ActionScript 3.0: A Dynamic Frame Rate Switching Class to Lower CPU Usage

Flash gets a lot of negative press because it’s seen as using a heap of CPU time and bogging everything down. And it’s a fair cop. Most flash will eat up your CPU cycles even when it’s sitting there doing nothing. But this isn’t a fault of flash, but rather of flash developers. Let me explain…

When you start a piece of flash work, you assign it a frame rate at which you want it to run, so it’ll update the screen, say, 30 times a second. This is all fine and good for when you’re animating things on the stage. But what about when you’re not? Well, it’s still running at 30 frames per second and chewing up your CPU like a crazy melon farmer. This is Not A Good Thing. So, anyhow, I’m watching this video about SWF Framerate Optimisation, and the guy’s showing how you can modify your code to lower the frame rate when there’s not a lot happening, and bring it back up when you’re animating. So I had a crack at it, and lo & behold, it works fine for the specific piece of flash I’d coded it into, so I wondered if I couldn’t just go and make a RateController class. This way, I could add a RateController object to any project to dynamically change the project’s frame rate depending on whether the mouse was over the stage or not.

And after much swearing about not having global access to the stage properties, I found that I COULD!!!

Here’s a working example placed into the attracting particles code I wrote yesterday:

Note: The animation starts at full speed for two seconds on startup. It’ll drop to the sleeping rate (5 fps) two seconds after the mouse leaves the stage, and then ramps back up to its waking rate (30 fps) instantly when the cursor is back over the stage. The FPSCounter shows intermediate numbers because it’s based on an average.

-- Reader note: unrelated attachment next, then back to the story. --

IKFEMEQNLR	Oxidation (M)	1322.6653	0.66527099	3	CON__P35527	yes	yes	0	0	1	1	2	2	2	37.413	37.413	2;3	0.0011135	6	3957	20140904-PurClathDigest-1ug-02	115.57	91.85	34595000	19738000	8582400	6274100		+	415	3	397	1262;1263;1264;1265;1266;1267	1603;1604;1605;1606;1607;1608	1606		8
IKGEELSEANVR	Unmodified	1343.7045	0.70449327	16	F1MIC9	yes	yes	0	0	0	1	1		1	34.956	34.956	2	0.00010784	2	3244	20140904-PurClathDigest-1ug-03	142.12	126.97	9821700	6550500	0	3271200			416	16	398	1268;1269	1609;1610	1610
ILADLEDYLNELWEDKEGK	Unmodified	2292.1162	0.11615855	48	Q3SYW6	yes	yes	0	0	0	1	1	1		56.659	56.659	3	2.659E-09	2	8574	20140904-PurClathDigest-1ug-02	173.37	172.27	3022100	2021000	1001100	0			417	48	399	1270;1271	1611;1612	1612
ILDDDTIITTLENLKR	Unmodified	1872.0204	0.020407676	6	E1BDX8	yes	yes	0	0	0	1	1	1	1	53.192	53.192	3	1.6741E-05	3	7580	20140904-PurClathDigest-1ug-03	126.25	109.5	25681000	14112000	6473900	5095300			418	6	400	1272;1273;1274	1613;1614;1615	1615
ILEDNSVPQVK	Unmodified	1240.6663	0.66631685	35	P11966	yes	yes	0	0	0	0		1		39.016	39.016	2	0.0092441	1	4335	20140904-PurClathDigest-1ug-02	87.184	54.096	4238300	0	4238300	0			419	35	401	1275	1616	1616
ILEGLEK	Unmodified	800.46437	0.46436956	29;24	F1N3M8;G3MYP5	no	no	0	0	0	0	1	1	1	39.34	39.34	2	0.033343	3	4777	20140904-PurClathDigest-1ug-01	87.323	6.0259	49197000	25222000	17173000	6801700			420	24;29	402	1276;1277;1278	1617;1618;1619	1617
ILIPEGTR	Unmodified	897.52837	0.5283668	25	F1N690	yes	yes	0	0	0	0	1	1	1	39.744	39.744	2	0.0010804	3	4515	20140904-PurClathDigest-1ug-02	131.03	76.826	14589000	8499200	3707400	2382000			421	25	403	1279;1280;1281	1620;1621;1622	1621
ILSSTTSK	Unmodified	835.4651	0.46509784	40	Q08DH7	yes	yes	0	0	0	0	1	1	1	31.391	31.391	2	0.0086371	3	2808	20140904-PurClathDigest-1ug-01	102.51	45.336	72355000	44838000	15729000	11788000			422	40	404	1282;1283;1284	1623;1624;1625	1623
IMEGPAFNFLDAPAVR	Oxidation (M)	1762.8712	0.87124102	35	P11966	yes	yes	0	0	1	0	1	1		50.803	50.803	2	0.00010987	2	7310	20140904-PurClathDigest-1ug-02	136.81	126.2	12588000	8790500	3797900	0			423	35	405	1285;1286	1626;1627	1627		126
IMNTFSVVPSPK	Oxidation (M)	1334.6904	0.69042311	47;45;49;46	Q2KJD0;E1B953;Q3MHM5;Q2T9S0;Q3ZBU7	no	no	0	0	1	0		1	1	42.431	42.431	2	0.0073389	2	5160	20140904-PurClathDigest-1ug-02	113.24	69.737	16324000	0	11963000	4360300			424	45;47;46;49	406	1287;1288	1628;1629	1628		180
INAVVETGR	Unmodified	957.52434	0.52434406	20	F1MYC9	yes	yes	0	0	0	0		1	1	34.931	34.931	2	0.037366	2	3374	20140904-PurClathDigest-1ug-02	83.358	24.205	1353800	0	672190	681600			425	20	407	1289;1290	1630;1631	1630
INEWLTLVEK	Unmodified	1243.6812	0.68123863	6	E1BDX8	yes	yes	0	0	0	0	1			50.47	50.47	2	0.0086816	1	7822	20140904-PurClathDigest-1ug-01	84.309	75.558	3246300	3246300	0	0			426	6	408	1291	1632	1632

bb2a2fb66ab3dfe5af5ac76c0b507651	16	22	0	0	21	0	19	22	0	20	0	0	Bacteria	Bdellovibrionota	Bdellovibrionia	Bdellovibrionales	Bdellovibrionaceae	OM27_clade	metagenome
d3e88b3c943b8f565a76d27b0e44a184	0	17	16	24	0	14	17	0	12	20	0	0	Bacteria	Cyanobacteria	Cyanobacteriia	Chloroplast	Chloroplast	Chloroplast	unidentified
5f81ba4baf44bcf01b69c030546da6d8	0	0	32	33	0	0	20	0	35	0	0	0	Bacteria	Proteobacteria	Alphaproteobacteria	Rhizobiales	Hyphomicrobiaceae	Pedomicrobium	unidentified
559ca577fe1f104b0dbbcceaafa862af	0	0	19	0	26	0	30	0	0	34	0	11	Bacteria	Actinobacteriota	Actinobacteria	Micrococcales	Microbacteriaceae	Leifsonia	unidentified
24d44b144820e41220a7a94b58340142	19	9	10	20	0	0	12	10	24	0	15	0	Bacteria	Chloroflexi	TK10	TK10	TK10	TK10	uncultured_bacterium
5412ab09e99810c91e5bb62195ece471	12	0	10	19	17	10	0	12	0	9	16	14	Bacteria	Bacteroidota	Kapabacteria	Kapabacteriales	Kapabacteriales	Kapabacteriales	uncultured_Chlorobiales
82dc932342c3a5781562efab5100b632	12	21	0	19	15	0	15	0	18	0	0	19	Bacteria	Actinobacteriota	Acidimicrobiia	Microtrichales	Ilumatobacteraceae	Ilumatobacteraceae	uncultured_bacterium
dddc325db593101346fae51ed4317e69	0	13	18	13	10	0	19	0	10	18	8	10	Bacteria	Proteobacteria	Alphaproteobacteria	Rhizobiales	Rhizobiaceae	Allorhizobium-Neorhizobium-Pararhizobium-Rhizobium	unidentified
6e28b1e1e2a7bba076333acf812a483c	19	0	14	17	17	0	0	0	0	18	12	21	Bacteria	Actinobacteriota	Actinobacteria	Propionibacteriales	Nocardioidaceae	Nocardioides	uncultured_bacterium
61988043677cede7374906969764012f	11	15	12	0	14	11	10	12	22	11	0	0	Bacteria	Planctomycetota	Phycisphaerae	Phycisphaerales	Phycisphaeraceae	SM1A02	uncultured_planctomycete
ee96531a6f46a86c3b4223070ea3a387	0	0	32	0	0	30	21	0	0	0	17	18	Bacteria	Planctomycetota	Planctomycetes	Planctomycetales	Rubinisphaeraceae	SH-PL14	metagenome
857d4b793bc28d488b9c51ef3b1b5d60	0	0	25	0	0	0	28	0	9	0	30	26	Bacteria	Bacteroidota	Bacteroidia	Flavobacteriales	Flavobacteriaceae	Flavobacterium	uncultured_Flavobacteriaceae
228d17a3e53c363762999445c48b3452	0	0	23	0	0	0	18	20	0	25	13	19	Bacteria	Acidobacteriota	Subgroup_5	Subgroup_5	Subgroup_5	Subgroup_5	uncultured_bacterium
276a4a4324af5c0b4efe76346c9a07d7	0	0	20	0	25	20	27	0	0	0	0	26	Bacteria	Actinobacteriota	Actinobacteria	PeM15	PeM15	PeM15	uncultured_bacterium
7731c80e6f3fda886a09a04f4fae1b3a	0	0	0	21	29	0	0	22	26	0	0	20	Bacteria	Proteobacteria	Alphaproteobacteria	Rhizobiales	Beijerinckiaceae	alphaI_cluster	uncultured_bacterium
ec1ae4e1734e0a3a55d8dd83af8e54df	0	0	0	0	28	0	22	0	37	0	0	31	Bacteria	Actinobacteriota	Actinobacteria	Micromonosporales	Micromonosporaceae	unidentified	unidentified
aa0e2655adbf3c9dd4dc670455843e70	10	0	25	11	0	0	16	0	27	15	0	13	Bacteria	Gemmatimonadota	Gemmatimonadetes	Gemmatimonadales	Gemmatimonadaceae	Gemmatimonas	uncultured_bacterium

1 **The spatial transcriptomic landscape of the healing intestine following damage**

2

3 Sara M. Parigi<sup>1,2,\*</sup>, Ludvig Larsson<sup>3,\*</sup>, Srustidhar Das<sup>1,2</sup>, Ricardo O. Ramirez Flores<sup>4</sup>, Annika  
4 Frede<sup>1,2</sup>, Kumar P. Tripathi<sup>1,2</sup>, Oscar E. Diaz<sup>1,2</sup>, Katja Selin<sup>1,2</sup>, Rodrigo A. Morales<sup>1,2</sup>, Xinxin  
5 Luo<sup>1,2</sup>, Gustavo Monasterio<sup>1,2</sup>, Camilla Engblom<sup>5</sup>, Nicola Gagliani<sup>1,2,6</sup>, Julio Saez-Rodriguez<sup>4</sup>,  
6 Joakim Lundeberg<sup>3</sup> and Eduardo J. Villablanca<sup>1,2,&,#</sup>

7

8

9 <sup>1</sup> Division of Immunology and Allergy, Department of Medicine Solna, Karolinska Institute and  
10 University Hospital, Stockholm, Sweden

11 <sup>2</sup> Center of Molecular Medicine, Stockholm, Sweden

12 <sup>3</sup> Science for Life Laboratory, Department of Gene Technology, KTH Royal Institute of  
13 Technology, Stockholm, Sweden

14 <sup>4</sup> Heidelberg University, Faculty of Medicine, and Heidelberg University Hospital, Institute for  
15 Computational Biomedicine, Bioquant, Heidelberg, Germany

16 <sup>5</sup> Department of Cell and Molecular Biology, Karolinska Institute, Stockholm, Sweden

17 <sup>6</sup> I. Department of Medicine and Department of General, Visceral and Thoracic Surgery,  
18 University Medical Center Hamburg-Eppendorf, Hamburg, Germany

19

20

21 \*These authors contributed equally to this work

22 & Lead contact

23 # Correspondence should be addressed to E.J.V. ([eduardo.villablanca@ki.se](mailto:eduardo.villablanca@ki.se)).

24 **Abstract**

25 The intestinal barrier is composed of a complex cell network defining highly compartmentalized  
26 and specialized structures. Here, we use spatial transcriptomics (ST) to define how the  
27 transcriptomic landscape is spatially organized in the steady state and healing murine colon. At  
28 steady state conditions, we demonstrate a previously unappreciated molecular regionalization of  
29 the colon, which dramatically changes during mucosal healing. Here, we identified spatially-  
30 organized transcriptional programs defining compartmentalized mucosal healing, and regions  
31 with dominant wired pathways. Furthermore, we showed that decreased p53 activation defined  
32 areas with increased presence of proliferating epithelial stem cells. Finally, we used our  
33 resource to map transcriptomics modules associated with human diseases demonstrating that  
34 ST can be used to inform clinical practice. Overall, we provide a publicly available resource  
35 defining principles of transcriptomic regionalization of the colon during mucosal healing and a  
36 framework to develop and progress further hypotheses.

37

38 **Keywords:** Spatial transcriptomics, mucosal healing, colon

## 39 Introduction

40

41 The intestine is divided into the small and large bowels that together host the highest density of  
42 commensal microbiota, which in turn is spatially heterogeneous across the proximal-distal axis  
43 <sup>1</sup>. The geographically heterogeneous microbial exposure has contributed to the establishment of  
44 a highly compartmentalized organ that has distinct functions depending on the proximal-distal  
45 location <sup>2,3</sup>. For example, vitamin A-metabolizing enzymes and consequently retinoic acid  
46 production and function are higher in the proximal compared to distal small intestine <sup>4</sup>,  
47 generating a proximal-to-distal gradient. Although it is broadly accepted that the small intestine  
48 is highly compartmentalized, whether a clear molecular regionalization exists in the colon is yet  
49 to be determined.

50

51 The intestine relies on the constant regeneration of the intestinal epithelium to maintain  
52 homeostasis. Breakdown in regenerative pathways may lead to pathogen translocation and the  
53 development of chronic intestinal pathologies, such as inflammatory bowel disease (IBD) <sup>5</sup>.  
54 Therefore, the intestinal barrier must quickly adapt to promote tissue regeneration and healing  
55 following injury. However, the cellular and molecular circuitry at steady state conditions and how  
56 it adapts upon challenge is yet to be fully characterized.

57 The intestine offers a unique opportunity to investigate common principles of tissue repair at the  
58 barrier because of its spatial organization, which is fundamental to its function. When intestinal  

To add a RateController to any flash project, you can just use something like:

Not bad, eh?

Full class code & file downloads after the jump…

Continue reading ActionScript 3.0: A Dynamic Frame Rate Switching Class to Lower CPU Usage

How To: Fix Zone Alarm (zclient.exe) High CPU Usage

Think 25% CPU usage is unacceptable for a software firewall? You’d be right.

Steps to fix:
– Ctrl + Shift + Right Click on Zone Alarm icon in the system tray and select Set debug level from the pop-up menu
– Set Debug Level to Off by clicking the appropriate radio button in the Set debug level window
– Click [OK]
– Restart Zone Alarm (i.e. quit then restart it)

Works on:
ZoneAlarm version:9.1.007.002
TrueVector version:9.1.007.002

Feel free to delete the stupendous amount of logging dirge left behind by Zone Alarm’s “writing phase” in C:\Windows\Internet Logs while you’re at it.